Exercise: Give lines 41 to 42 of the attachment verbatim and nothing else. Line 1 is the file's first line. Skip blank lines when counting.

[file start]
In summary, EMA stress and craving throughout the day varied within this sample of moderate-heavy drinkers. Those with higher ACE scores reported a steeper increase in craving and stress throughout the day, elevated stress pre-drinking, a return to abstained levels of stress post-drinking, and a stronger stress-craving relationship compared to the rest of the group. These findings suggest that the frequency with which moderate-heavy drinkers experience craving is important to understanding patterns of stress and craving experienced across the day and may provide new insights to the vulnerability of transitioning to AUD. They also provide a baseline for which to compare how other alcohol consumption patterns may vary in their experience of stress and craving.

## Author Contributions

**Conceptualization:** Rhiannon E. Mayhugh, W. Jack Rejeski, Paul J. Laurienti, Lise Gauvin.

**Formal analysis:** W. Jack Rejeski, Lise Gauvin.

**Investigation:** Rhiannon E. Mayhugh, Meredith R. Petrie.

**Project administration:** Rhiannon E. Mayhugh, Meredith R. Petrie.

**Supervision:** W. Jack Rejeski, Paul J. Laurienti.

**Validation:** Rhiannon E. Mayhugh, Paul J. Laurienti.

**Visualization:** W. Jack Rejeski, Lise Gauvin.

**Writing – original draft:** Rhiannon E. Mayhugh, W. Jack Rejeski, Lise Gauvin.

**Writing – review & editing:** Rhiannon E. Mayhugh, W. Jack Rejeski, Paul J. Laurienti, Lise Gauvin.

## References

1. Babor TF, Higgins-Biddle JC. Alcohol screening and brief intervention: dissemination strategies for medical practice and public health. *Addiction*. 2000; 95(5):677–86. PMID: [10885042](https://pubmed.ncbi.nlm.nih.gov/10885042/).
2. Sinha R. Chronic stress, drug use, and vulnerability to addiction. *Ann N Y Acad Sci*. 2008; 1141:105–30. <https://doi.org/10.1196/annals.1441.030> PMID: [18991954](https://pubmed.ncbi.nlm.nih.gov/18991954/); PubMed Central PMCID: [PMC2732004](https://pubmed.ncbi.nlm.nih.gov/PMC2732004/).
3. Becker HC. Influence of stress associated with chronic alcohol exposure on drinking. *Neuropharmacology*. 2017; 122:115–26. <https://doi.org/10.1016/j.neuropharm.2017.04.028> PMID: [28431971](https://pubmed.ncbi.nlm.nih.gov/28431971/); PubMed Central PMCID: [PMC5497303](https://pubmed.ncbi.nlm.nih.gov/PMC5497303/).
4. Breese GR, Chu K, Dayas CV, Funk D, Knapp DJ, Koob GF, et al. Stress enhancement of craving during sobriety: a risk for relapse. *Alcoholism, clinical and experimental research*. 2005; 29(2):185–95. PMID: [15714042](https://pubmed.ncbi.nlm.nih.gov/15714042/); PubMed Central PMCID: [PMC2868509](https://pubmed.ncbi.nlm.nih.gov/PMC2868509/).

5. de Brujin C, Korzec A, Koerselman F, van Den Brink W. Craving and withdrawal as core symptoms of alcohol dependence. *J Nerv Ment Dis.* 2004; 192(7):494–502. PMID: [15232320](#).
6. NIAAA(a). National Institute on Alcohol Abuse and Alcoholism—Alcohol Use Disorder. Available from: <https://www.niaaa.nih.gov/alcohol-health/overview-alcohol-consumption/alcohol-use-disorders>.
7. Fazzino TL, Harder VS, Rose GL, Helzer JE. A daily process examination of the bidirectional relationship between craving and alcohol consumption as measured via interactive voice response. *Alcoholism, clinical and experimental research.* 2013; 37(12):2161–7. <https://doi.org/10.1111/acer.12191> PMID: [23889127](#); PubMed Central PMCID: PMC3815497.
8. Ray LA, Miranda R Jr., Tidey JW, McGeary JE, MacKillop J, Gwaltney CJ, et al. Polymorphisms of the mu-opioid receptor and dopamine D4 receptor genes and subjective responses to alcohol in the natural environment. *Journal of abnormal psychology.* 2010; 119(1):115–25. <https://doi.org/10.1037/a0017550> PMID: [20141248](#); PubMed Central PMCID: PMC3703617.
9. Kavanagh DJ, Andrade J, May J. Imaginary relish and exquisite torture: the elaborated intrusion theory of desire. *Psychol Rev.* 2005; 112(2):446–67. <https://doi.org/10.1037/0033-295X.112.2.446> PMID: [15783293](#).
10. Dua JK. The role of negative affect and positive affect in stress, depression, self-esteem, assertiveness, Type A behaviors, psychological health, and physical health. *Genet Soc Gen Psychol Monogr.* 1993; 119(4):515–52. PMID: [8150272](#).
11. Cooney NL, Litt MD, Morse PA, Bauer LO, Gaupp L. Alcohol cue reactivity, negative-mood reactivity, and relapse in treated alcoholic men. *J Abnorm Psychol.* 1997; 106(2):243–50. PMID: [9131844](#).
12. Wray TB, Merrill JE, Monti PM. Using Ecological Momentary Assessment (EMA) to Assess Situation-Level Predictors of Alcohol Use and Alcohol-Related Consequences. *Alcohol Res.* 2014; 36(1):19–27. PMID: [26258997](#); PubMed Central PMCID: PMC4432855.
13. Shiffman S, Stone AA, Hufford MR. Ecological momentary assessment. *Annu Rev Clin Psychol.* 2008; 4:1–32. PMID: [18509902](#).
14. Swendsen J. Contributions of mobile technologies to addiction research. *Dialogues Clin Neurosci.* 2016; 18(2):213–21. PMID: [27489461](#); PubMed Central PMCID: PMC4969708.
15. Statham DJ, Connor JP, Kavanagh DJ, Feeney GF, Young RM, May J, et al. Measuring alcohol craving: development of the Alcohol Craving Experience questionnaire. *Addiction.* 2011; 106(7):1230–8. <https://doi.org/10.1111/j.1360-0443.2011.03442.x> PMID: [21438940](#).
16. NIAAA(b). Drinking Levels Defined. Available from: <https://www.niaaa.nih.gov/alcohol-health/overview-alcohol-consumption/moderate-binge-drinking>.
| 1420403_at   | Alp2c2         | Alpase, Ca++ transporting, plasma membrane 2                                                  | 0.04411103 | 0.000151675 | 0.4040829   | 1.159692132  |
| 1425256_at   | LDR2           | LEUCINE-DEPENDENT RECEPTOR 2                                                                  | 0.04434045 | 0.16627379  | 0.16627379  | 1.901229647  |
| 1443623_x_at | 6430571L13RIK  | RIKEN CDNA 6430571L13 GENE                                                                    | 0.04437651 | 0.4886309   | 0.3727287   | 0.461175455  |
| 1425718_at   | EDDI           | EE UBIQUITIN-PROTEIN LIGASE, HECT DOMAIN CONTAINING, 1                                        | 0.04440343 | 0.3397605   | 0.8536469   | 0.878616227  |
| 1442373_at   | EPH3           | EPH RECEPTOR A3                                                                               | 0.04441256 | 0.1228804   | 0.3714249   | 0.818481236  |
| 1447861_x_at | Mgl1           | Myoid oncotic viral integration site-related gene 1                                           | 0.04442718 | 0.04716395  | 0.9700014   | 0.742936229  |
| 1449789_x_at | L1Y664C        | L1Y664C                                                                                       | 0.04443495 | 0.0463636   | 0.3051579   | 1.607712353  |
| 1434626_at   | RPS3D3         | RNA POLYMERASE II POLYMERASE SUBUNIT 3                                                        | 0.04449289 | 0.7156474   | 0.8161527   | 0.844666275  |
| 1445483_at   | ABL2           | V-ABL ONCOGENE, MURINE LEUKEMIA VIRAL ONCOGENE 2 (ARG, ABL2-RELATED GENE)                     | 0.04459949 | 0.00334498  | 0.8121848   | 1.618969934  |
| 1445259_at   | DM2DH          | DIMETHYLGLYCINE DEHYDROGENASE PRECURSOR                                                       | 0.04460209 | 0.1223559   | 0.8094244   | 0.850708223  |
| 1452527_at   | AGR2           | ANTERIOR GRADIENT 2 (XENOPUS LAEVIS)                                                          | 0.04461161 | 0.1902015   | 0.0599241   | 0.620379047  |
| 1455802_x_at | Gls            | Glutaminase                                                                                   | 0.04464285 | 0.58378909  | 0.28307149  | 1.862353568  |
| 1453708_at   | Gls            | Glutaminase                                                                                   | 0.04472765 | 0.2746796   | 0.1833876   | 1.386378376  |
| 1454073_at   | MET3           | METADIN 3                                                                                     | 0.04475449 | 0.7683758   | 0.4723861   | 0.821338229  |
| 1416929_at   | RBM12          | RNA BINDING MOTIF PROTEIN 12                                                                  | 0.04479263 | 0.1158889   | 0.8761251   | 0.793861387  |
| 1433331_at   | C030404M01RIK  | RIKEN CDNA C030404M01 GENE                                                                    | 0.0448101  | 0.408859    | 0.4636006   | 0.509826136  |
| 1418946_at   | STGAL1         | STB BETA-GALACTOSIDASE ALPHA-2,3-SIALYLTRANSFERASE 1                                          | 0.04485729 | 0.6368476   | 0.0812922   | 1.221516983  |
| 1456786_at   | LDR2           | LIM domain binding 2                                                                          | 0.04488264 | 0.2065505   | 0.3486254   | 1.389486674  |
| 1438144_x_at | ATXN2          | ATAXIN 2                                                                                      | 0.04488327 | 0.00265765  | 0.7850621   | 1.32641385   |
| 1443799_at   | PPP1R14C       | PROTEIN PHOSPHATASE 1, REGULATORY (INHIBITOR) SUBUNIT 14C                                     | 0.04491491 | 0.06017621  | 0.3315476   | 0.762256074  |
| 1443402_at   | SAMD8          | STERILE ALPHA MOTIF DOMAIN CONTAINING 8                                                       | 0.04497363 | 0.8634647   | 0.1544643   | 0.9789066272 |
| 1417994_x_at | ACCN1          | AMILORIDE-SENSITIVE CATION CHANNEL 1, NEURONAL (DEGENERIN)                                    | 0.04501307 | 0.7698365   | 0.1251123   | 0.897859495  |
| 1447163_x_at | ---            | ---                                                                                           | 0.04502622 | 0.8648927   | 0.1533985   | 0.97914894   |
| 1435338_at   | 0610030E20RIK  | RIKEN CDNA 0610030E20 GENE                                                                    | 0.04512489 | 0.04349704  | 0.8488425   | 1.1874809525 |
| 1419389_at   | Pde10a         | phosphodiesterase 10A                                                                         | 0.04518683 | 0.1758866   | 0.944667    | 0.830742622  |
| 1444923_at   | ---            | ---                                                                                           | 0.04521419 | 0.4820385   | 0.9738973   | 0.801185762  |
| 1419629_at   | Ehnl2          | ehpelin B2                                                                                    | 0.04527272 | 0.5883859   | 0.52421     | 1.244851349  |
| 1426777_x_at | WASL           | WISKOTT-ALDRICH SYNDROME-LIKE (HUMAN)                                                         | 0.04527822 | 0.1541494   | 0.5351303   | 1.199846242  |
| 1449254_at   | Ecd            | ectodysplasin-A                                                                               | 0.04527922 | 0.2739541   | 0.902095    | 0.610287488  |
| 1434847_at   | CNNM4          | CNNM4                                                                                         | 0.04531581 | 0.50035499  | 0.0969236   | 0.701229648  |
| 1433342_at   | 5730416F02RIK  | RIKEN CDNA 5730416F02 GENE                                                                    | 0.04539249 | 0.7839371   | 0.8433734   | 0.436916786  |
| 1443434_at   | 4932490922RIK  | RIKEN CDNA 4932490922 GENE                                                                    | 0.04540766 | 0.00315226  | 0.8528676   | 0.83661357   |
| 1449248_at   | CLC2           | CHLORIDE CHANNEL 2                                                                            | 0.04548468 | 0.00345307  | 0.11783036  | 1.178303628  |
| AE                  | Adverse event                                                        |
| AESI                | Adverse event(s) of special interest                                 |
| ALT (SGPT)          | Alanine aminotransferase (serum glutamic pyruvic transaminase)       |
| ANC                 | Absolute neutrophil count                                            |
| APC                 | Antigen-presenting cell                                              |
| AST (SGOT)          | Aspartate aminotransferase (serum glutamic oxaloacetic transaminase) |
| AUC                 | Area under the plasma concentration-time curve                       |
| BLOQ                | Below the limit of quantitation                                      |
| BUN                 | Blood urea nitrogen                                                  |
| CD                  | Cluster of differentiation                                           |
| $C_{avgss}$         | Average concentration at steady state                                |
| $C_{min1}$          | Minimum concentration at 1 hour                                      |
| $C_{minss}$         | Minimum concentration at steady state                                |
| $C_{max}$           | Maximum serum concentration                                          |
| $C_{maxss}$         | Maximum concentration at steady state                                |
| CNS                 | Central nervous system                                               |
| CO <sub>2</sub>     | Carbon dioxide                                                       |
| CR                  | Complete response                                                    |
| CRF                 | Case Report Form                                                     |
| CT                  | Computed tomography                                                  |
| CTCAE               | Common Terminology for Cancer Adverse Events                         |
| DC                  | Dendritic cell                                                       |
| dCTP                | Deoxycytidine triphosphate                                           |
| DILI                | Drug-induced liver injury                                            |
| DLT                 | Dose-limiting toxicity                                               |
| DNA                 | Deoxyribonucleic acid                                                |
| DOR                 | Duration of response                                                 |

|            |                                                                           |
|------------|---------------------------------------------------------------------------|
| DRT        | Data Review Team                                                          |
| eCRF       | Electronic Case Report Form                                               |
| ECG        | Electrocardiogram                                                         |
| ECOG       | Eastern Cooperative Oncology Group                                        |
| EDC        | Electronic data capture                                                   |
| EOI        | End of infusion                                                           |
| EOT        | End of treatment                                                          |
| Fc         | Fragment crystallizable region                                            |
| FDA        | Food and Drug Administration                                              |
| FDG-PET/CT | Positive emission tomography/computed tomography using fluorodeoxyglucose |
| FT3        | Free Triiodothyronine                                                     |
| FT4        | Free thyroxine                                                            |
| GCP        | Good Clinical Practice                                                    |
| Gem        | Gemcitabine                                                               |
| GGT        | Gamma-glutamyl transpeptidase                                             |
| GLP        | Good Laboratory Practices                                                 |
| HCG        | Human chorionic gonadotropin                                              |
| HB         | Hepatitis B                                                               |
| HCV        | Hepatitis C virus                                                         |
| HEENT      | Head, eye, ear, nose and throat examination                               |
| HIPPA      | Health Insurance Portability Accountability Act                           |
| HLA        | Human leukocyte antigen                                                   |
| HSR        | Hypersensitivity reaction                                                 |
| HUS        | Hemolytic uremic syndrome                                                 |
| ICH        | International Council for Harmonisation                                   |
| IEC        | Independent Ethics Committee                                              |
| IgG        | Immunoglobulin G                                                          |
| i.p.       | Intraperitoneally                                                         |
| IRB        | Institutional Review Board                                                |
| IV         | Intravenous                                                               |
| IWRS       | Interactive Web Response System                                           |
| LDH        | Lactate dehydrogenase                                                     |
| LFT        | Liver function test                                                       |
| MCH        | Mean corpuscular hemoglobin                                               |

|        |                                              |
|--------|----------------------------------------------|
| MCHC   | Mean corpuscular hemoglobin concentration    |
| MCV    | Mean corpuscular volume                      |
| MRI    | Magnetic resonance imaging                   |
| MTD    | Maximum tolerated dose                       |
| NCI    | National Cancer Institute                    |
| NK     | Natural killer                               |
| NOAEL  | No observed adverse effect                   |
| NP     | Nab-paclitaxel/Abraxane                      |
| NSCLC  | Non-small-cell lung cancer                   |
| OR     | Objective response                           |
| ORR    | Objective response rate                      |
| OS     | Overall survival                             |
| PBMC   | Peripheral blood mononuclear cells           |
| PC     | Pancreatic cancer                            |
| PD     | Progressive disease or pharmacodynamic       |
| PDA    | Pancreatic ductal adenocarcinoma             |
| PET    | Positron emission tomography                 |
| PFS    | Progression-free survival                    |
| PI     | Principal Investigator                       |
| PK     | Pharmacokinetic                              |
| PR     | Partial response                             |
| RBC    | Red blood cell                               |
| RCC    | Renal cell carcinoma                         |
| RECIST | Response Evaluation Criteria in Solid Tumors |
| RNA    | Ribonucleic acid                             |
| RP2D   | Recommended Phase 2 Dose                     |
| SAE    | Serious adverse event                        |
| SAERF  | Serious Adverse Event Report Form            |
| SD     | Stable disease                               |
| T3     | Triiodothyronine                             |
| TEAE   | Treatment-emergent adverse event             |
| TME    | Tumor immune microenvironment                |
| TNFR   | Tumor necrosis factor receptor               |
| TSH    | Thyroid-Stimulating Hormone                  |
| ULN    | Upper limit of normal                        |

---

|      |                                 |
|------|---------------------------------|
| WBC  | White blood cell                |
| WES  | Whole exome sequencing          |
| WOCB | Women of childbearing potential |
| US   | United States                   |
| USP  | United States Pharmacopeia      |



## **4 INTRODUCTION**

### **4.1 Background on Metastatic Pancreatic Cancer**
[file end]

| 1453708_at   | Gls            | Glutaminase                                                                                   | 0.04472765 | 0.2746796   | 0.1833876   | 1.386378376  |
| 1454073_at   | MET3           | METADIN 3                                                                                     | 0.04475449 | 0.7683758   | 0.4723861   | 0.821338229  |